I understand the efficacy of this. By eschewing the desire to seek understanding for understanding sake let's first tackle the issues which are of greater importance and affect is right now. I think this is what you mean? Well, that is fine and great for you since you have taken upon yourself the mantle of faith that Buddha is telling the truth, however If I were to accept his truth as well then It becomes necessary for me to try and make sure his statements are authentic, his reasoning is authentic. Hence the claim that suffering can be undone so to speak. His methodology as you have pointed out is to simply imagine or unimagine any cause of suffering - depending on whether one subscribes to dualism or not. For me, it is not so easy because a statement was made that says that evil is not external. Yet there is an inability or unwillingness to describe what the source or cause of suffering is or was? How can I simply ignore that there is no cause of suffering other than that which my own thoughts; attachments, desires bring me? How can i realize that these things exist within myself and not wonder from whence they originated? Am I the source of three evils as well as other beings? Am I the cause of three evils as other beings? If this is true and I do believe it is true with qualifications how am i in error or not in accord with Buddhism to not want to know the beginning of this? (It is here that my mind goes to western religious thought for answers that Buddhism can't give me)

Ayu wrote:
This is a question of "What is real?" It is not shortly answerable, because one has to contemplate about this topic with the help of a qualified teacher. Too short one can say: Everything exists somehow, but it is an illusion. We can not realize the real sort of existence without analysing deeply, for a long period of time.


Thank you for your thoughts. I am here to learn and am not under any time constraints. If you and others are willing to explore this with me and help me past some of my difficulties then I would be grateful. If not then i understand that to.


Thank you :)


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 Post subject: Re: Suffering
PostPosted: Fri Apr 19, 2013 4:42 pm 
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Quote:
How can I simply ignore that there is no cause of suffering other than that which my own thoughts; attachments, desires bring me?
This is not something to ignore. This is something that we meditate upon frequently: there is no cause of my suffering other than the attachments that I create.

The search for beginnings is futile if there are none.

Suppose you were successful in determining an initial cause for your suffering, say something that happened 10 million years ago, what would that knowledge gain you? The cause has happened; the effect - your suffering - is therefore inevitable. That knowledge has just bought you the additional suffering of knowing that you're hooped. On the other hand, if you treat your suffering as being something that is caused within yourself, you carry the cause within you, which means that you have the potential to do something about it.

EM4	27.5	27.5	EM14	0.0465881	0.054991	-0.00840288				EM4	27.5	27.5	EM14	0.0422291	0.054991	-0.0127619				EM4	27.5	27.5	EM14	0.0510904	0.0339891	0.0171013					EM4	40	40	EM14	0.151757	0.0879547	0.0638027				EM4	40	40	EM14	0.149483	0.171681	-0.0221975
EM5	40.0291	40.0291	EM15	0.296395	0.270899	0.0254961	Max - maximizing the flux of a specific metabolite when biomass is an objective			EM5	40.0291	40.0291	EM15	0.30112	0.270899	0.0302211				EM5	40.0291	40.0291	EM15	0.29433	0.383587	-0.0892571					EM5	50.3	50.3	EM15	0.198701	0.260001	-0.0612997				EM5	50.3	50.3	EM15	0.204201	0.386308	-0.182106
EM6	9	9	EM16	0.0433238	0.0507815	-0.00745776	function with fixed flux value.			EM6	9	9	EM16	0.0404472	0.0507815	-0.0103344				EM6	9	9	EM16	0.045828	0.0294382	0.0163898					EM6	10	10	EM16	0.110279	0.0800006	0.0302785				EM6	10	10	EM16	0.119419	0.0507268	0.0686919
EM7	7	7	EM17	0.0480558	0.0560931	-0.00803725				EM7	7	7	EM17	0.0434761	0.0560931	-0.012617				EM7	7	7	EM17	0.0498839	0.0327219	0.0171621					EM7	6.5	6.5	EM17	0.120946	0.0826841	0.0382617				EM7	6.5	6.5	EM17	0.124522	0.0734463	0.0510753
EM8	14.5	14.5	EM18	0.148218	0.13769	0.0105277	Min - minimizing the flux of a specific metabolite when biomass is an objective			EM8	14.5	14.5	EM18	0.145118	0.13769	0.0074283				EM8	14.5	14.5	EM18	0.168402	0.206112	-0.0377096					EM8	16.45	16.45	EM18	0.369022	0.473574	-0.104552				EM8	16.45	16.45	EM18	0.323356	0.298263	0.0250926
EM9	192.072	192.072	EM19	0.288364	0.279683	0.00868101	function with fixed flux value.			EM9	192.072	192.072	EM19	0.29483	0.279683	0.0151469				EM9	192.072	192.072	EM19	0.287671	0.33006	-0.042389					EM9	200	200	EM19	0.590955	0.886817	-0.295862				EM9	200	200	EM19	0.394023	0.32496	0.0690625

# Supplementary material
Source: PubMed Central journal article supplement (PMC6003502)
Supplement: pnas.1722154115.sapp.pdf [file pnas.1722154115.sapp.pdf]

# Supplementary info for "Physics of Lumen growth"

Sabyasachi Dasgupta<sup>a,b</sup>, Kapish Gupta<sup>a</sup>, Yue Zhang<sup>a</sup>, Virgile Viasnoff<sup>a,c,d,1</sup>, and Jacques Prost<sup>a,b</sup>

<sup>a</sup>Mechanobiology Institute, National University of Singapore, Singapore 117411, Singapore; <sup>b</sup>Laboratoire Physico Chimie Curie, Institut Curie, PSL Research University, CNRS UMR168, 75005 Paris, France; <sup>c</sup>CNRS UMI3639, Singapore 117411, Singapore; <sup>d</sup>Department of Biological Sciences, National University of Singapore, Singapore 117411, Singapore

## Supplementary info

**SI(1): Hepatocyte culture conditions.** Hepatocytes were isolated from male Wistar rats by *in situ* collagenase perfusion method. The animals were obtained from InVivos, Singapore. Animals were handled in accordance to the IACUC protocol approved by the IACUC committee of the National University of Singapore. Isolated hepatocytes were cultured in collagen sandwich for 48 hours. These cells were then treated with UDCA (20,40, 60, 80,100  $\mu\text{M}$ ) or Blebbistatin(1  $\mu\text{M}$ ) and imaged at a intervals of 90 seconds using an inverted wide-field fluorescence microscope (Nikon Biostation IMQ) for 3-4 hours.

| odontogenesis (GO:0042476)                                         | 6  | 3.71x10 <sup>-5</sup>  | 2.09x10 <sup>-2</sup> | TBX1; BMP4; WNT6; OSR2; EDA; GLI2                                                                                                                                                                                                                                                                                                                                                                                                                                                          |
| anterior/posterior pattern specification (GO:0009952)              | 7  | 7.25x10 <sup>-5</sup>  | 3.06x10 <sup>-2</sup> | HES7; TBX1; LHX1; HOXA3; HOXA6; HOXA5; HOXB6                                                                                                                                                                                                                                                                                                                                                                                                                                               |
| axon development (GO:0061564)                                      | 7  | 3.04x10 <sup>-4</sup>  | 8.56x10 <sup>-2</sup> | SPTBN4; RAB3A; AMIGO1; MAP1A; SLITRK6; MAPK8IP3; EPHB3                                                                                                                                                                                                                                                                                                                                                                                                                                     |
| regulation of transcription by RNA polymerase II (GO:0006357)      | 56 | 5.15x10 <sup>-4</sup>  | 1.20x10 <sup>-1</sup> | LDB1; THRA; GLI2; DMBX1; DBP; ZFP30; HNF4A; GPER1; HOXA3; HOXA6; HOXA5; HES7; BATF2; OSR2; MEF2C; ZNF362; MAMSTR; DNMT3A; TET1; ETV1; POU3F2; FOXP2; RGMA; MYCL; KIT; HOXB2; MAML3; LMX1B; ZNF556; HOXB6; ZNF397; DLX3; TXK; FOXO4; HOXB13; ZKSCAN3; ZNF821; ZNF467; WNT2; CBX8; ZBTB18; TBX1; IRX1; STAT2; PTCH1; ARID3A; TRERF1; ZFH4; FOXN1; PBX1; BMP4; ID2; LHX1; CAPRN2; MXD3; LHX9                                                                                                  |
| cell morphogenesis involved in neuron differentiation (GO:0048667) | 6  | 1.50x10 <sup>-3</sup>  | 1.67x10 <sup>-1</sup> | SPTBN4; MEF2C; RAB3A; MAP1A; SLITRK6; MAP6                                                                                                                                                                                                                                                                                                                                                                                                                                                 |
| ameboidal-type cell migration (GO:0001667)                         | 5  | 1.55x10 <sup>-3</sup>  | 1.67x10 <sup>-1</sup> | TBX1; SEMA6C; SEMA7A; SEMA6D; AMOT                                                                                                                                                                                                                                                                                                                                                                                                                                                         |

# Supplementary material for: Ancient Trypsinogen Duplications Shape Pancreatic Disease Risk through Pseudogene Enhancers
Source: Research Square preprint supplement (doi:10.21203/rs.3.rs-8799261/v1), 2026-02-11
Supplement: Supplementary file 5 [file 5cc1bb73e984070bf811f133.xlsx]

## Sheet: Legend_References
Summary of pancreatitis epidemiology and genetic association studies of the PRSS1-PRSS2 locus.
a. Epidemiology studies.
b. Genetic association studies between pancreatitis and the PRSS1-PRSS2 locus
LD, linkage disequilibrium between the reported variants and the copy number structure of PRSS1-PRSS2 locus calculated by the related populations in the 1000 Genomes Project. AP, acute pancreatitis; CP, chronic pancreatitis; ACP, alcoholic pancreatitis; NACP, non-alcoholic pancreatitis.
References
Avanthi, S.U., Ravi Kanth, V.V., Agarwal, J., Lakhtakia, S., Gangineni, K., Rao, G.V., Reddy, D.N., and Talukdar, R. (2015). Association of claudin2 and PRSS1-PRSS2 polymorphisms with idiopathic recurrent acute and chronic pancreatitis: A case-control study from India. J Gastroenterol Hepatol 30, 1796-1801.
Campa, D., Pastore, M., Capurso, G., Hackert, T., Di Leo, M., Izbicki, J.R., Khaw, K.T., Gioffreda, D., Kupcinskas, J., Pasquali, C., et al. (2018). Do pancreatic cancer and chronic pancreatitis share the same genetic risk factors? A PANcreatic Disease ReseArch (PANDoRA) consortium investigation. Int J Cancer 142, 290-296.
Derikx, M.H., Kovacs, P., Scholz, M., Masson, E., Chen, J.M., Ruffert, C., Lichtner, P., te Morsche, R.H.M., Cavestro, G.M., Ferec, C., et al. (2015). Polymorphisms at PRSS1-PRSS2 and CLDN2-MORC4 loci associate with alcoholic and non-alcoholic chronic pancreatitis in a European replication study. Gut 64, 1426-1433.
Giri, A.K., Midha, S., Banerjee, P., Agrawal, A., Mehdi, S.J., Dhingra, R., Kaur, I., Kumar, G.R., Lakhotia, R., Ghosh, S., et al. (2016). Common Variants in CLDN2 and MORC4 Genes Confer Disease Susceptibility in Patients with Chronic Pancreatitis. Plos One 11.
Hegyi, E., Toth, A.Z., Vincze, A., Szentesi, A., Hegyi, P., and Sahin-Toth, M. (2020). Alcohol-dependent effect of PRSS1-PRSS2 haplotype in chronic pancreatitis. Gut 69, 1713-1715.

Buddhism is as much about cause and effect as it is about suffering. When a cause occurs, its effect is inevitable. Many religions rely on magic: a cause occurs, but you can somehow evade the effect. Buddhism is not that way. If the cause happens, its effect is inescapable. Therefore, to eliminate the effect, you must prevent the cause.

If suffering were something that was caused by an ancient event, such as, in Christianity, Adam's eating the forbidden fruit, then our suffering is inescapable. Christianity solves the problem with magic: believe in Jesus and you can escape the consequences. Buddhism say that wasn't the cause in the first place. Your actions were the cause. The effects caused by your past actions may be inescapable, but you can choose your actions now to avoid similar effects in the future.

Om mani padme hum
Keith


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 Post subject: Re: Suffering
PostPosted: Sat Apr 20, 2013 4:31 am 
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Hi Keith,

KeithBC wrote:
The search for beginnings is futile if there are none.


All things must have a beginning, at least on this plane of existence.

KeithBC wrote:
Suppose you were successful in determining an initial cause for your suffering, say something that happened 10 million years ago, what would that knowledge gain you?


I suppose it would allow me to definitively identify "that things" mode of influence. If "that thing" has been identified and I can now begin to recognize it's every nuance, its every means of influence; I can come to understand its purpose. I suppose it may be similar to taking a look in the mirror for the first time and actually seeing what is there? Or maybe a blind man who has miraculously had his vision restored and he can finally see reality for what it is rather than plodding around continually in the dark.

KeithBC wrote:
The cause has happened; the effect - your suffering - is therefore inevitable.


Okay, but in the Buddhist view, there is a disconnect is there not? Because one does not know or consider a cause therefore one must, it would seem, blindly accept what is believed to be effects - I think I'm understanding you alright. To recap then, it is a needless concern to contemplate the origins or cause of suffering because knowledge of the cause does not affect the results. This does seem to make sense. Now if I could only forget that there is a cause.